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Career and Education Opportunities for Academic Directors in Oklahoma

Oklahoma has a population of 3,687,050, which has grown by 6.85% over the past decade. Nicknamed the "Sooner State," Oklahoma's capital and biggest city is Oklahoma City.

About 1,650 people are currently employed as academic directors in Oklahoma. By 2016, this is expected to grow 13% to about 1,880 people employed. This is better than the national trend for academic directors, which sees this job pool growing by about 2.3% over the next eight years. Academic directors generally plan, direct, or coordinate research, instructional, student administration and services, and other educational activities at postsecondary institutions, including universities, and junior and community colleges.

The income of an academic director is about $31 per hour or $65,250 annually on average in Oklahoma. In the U.S. as a whole, their income is about $38 per hour or $80,670 per year on average. Academic directors earn more than people working in the category of Education and Training generally in Oklahoma and more than people in the Education and Training category nationally. Academic directors work in a variety of jobs, including: finance manager, finance director, and chancellor.

In 2008, there were a total of 2,206,469 jobs in Oklahoma. The average annual income was $35,969 in 2008, up from $34,298 the preceding year. The unemployment rate in Oklahoma was 6.4% in 2009, which has grown by 2.7% since the previous year. Approximately 20.3% of Oklahoma residents have college degrees, which is lower than the national average.

The top industries in Oklahoma include boiler, tank, and shipping container manufacturing, pump manufacturing, and oil field machinery manufacturing. Notable tourist attractions include the Guthrie Jazz Banjo Festival Inc, the Lifehouse, and the Oklahoma City Museum of Art.

CITIES WITH Academic Director OPPORTUNITIES IN Oklahoma


JOB DESCRIPTION: Academic Director

Academic Director video from the State of New Jersey Dept. of Labor and Workforce Development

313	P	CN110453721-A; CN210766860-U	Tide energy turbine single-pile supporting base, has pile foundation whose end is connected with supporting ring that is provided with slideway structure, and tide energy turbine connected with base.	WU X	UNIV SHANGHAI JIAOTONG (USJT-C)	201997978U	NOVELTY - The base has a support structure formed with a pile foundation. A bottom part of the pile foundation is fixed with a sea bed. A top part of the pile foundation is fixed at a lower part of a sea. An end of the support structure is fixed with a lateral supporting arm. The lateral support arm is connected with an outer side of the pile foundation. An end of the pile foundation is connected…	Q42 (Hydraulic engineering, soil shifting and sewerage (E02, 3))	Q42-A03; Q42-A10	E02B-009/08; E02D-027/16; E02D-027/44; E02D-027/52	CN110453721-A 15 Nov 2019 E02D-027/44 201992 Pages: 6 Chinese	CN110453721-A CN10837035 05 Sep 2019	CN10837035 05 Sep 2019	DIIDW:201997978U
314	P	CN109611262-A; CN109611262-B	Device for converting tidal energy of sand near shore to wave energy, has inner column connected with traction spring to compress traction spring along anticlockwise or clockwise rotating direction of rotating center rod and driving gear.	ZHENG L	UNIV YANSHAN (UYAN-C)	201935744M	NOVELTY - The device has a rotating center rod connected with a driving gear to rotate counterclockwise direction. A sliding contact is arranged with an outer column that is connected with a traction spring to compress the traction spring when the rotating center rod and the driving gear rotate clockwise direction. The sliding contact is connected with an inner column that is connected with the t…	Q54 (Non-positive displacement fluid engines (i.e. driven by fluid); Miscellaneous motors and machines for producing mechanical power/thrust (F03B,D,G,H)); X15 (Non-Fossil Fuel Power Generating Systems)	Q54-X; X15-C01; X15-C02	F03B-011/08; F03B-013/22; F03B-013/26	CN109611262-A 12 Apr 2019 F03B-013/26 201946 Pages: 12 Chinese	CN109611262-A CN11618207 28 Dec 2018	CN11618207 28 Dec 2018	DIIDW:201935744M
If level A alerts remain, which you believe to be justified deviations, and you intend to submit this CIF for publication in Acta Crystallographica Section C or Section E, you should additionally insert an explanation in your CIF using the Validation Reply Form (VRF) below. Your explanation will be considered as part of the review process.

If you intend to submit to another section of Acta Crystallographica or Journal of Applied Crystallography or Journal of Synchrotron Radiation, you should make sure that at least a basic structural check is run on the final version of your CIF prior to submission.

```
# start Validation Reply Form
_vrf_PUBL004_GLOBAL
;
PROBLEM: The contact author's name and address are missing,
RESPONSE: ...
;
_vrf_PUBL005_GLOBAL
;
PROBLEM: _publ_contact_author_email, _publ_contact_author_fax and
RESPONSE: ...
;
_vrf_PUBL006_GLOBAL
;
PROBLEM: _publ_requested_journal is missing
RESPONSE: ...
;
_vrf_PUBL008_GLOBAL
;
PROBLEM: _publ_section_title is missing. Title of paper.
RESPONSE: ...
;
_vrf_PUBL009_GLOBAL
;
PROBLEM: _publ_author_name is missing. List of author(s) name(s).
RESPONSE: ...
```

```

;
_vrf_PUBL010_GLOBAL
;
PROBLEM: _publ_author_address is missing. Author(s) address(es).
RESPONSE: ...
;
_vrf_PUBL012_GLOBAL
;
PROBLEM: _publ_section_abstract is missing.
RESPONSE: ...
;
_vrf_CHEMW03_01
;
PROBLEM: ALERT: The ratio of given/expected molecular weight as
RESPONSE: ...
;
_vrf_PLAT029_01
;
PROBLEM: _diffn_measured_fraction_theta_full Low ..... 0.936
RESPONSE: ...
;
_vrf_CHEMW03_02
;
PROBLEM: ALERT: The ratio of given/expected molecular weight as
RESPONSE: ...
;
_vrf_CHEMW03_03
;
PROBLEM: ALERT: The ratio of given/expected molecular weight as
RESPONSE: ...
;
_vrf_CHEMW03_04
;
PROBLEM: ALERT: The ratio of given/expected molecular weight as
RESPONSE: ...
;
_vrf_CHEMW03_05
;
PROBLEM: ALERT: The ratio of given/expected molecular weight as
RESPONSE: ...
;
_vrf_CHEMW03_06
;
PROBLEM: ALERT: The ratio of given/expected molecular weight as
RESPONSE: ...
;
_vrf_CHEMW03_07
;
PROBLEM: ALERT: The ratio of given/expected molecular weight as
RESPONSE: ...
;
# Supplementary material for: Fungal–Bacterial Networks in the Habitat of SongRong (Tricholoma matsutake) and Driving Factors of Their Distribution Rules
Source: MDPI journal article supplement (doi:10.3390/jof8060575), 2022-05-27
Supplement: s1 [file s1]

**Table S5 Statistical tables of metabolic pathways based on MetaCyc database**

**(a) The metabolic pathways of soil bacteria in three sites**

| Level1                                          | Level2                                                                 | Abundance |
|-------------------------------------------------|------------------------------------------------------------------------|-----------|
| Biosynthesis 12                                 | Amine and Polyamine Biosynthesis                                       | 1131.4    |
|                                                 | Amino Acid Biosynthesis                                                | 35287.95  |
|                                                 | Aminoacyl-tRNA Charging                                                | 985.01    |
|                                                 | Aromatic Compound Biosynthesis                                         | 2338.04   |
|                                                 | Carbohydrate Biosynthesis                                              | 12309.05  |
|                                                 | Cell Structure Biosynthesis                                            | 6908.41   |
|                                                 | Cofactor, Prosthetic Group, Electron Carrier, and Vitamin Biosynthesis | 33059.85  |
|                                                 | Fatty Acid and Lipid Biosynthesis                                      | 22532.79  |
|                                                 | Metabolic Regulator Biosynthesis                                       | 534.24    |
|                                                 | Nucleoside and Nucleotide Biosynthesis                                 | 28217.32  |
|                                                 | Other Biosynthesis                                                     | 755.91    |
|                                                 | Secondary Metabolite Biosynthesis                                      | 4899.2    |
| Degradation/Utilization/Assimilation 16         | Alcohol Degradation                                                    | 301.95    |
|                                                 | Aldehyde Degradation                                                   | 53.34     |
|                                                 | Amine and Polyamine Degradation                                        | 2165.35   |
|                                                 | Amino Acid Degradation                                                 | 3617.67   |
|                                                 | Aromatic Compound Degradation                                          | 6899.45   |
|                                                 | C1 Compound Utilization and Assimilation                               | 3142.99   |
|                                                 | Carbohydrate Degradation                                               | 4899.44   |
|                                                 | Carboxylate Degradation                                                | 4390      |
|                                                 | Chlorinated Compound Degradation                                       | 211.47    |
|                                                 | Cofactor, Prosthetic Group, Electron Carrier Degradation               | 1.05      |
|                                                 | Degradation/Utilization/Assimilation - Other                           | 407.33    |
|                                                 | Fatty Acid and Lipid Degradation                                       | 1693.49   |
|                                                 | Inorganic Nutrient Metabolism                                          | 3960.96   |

In general, academic directors plan, direct, or coordinate research, instructional, student administration and services, and other educational activities at postsecondary institutions, including universities, and junior and community colleges.

Every day, academic directors are expected to be able to articulate ideas and problems. They need to listen to and understand others in meetings. It is also important that they write clearly and communicate well.

Similar jobs with educational opportunities in Oklahoma include:

  • Advertising Manager. Plan and direct advertising policies and programs or produce collateral materials, such as posters, contests, or give-aways, to create extra interest in the purchase of a product or service for a department, an entire organization, or on an account basis.
  • Chief Executive Officer. Determine and formulate policies and provide the overall direction of companies or private and public sector organizations within the guidelines set up by a board of directors or similar governing body. Plan, direct, or coordinate operational activities at the highest level of management with the help of subordinate executives and staff managers.
  • Early Childhood Development Manager. Plan, direct, or coordinate the academic and nonacademic activities of preschool and child care centers or programs.
  • Educational Program Director. Plan, direct, or coordinate the academic, clerical, or auxiliary activities of public or private elementary or secondary level schools.
  • Food Service Manager. Plan, direct, or coordinate activities of an organization or department that serves food and beverages.
  • Healthcare Manager. Plan, direct, or coordinate medicine and health services in hospitals, clinics, managed care organizations, public health agencies, or similar organizations.
  • Human Relations Manager. Plan, direct, and coordinate human resource management activities of an organization to maximize the strategic use of human resources and maintain functions such as employee compensation, recruitment, and regulatory compliance.
  • Training Development Director. Plan, direct, or coordinate the training and development activities and staff of an organization.

LOCATION INFORMATION: Oklahoma

Oklahoma
Oklahoma photo by Nyttend

Oklahoma has a population of 3,687,050, which has grown by 6.85% over the past decade. Nicknamed the "Sooner State," Oklahoma's capital and biggest city is Oklahoma City. In 2008, there were a total of 2,206,469 jobs in Oklahoma. The average annual income was $35,969 in 2008, up from $34,298 the previous year. The unemployment rate in Oklahoma was 6.4% in 2009, which has grown by 2.7% since the previous year. Approximately 20.3% of Oklahoma residents have college degrees, which is lower than the national average.

The top industries in Oklahoma include boiler, tank, and shipping container manufacturing, pump manufacturing, and oil field machinery manufacturing. Notable tourist attractions include the Amateur Softball Association of Amrca NTNL Hdqrtrs, the National Cowboy & Western Heritage Museum, and the Oklahoma Museums Association.